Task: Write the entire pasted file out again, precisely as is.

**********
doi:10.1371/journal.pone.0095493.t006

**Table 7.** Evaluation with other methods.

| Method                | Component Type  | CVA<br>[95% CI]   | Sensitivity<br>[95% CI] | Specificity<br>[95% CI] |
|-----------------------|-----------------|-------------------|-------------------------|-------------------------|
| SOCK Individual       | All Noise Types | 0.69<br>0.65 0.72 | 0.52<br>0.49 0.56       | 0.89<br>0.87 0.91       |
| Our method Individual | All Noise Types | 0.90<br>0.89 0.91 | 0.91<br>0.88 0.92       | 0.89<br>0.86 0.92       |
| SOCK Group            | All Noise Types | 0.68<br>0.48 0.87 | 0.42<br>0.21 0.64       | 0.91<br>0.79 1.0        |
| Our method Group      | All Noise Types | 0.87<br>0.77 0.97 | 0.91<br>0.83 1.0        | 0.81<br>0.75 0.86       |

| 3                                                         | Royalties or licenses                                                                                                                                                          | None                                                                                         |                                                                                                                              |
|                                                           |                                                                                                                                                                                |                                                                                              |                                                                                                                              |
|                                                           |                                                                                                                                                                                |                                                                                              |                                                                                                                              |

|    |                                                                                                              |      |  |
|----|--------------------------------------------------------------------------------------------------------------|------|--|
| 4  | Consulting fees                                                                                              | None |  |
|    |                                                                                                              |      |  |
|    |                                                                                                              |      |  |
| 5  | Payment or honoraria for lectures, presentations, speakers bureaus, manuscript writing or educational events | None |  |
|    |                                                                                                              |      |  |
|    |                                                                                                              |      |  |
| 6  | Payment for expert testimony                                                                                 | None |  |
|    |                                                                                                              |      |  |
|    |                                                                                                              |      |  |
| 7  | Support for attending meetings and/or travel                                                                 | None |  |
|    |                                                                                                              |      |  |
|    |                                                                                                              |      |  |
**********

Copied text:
doi:10.1371/journal.pone.0095493.t006

**Table 7.** Evaluation with other methods.

| Method                | Component Type  | CVA<br>[95% CI]   | Sensitivity<br>[95% CI] | Specificity<br>[95% CI] |
|-----------------------|-----------------|-------------------|-------------------------|-------------------------|
| SOCK Individual       | All Noise Types | 0.69<br>0.65 0.72 | 0.52<br>0.49 0.56       | 0.89<br>0.87 0.91       |
| Our method Individual | All Noise Types | 0.90<br>0.89 0.91 | 0.91<br>0.88 0.92       | 0.89<br>0.86 0.92       |
| SOCK Group            | All Noise Types | 0.68<br>0.48 0.87 | 0.42<br>0.21 0.64       | 0.91<br>0.79 1.0        |
| Our method Group      | All Noise Types | 0.87<br>0.77 0.97 | 0.91<br>0.83 1.0        | 0.81<br>0.75 0.86       |

| 3                                                         | Royalties or licenses                                                                                                                                                          | None                                                                                         |                                                                                                                              |
|                                                           |                                                                                                                                                                                |                                                                                              |                                                                                                                              |
|                                                           |                                                                                                                                                                                |                                                                                              |                                                                                                                              |

|    |                                                                                                              |      |  |
|----|--------------------------------------------------------------------------------------------------------------|------|--|
| 4  | Consulting fees                                                                                              | None |  |
|    |                                                                                                              |      |  |
|    |                                                                                                              |      |  |
| 5  | Payment or honoraria for lectures, presentations, speakers bureaus, manuscript writing or educational events | None |  |
|    |                                                                                                              |      |  |
|    |                                                                                                              |      |  |
| 6  | Payment for expert testimony                                                                                 | None |  |
|    |                                                                                                              |      |  |
|    |                                                                                                              |      |  |
| 7  | Support for attending meetings and/or travel                                                                 | None |  |
|    |                                                                                                              |      |  |
|    |                                                                                                              |      |  |